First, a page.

In her debut documentary And, Towards Happy Alleys, Sreemoyee Singh fearlessly captures the daily struggles of Iranian women within their own country, while exploring Iran’s vibrant film culture and the feminist poetry of Forough Farrokhzad. The poignant verse of Farrokhzad “I speak out the depth of night, out of the depth of darkness I speak. If you come to my house, friend! Bring me a lamp and a window through which I can look at the crowd in the happy alley” —illuminates the screen as the young filmmaker endeavours to shed light on the bustling life within the happy alley. The citation says: “This is a unique film by a young filmmaker who has crossed not only cultural, linguistic but also political boundaries to show, without anger but with passion, how to survive as an artist in a country ruled by harsh regulations. It shows an Iran usually hidden from Western eyes, the complex daily lives of filmmakers and women, and how they manoeuvre through the existing depths of darkness. She transforms the film into exactly what the Iranian poet Forough Farrokhzad wrote: ‘Bring me a lamp and a window through which I can see the crowd in the happy alley’”.

Miriam Chandy Menacherry’s From the Shadows vividly depicts the plight of survivors of child sex trafficking in India, a deeply complex and unresolved issue. Social activist Leena Kejriwal adds her voice through a poignant campaign where she spray-paints black silhouettes of girls on walls, marked with the hashtag #MissingGirls. This artistic protest serves as a powerful call to action, aiming to bring attention and resolution to the pressing issue at hand.

Nirmal Chander’s 6-A Akash Ganga delves into the life of a legendary but intensely private figure in 20th-century Hindustani classical music: Annapurna Devi, renowned Surbahar player. Daughter and disciple of Sarod maestro Ustad Allauddin Khan and sister to Sarod virtuoso Ustad Ali Akbar Khan, she was also the first wife of Pandit Ravi Shankar, with whom she had a son, Shubhendra Shankar, a noted artist and Sitar player. The documentary’s title refers to the Mumbai home where Annapurna Devi resided. In the mid-1950s, she made a solemn vow to cease public performances in a bid to preserve her marriage to Ravi Shankar, who struggled with her growing acclaim. Through the intimate insights of her disciple, Nityanand Haldipur, the film poignantly unravels the myths surrounding her life, weaving a deeply touching narrative.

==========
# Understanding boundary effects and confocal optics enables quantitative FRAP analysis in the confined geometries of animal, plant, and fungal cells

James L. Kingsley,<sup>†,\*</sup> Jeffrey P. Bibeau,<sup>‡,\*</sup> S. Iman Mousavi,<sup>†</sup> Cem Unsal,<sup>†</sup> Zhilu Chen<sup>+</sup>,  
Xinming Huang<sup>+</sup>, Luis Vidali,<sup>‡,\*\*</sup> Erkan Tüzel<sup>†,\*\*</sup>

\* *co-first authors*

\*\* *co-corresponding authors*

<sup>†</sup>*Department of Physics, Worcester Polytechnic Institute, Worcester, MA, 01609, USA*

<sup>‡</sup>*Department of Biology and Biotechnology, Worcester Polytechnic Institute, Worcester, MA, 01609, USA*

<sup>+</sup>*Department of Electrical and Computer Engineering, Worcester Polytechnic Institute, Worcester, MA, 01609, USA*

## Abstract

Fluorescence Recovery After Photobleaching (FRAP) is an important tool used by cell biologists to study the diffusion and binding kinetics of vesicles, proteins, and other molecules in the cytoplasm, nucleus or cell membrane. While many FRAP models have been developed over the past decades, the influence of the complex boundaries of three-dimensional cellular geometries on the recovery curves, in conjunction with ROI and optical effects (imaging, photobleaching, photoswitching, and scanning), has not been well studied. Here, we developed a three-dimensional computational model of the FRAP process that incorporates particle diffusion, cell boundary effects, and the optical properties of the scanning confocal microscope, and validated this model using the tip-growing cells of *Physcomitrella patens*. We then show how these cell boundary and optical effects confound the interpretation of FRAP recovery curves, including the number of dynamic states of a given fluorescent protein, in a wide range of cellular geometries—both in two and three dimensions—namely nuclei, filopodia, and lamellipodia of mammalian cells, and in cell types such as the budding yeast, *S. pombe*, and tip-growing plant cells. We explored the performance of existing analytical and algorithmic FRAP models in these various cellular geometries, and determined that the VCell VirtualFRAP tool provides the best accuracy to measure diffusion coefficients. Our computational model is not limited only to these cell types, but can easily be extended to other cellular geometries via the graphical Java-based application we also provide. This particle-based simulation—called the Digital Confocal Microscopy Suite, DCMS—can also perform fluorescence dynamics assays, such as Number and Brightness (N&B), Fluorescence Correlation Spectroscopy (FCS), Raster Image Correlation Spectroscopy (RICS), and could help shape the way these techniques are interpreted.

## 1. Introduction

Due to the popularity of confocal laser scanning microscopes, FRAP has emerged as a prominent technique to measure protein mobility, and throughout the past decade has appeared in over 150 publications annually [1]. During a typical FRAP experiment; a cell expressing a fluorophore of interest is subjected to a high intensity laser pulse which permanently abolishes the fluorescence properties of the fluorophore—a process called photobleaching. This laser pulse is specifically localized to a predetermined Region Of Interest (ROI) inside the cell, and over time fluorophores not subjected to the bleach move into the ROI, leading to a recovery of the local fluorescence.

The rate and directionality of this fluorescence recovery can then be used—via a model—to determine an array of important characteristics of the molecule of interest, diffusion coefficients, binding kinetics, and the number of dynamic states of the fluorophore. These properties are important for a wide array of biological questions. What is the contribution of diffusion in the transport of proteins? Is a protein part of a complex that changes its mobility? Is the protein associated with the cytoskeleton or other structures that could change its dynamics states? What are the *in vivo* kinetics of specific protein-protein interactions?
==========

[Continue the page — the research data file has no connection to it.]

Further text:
In his directorial debut documentary Life in Loom, Edmond Ranson showcases with meticulous detail the rich tapestry of Indian handloom traditions. Serving as cinematographer and editor as well, Ranson explores diverse cultural threads across India: from the intricate Patan Patola of Gujarat in the west to the bark cloth fabrics of the Bonda tribes in Odisha’s coastal regions; from the iconic Banaras sarees of Varanasi in central India to the luxurious Pashmina of Ladakh’s nomadic Changpa tribes in the Himalayas; and from the fine muslin fabrics of West Bengal in the east to the silk fabrics of Assam in the northeast, and the elegant Kanchipuram sarees of Tamil Nadu in the south. Spanning 100 minutes, this finely crafted film traces the historical significance of textiles in human civilization and charts the evolution and challenges of the Indian handloom industry. Through its storytelling, Life in Loom seeks to inspire and instil hope among handloom weavers, navigating an industry increasingly dominated by mechanized looms.

These are a few remarkable films that captivated me from among those in the competition.

During the closing ceremony, Festival Director and Managing Director of the NFDC, Pritul Kumar, expressed his satisfaction with the enthusiastic response to this year’s MIFF. “The exceptional turnout reflects the increasing interest in documentaries, shorts, and animation among a dedicated audience. The success of MIFF can be credited to its strong programming, which sets new benchmarks for future editions.”

MIFF 2024 has once again affirmed its status as a premier platform for global cinematic exchange, fostering creativity, collaboration, and the celebration of diverse storytelling traditions from around the world.

Meghachandra Kongbam
Edited by Birgit Beumers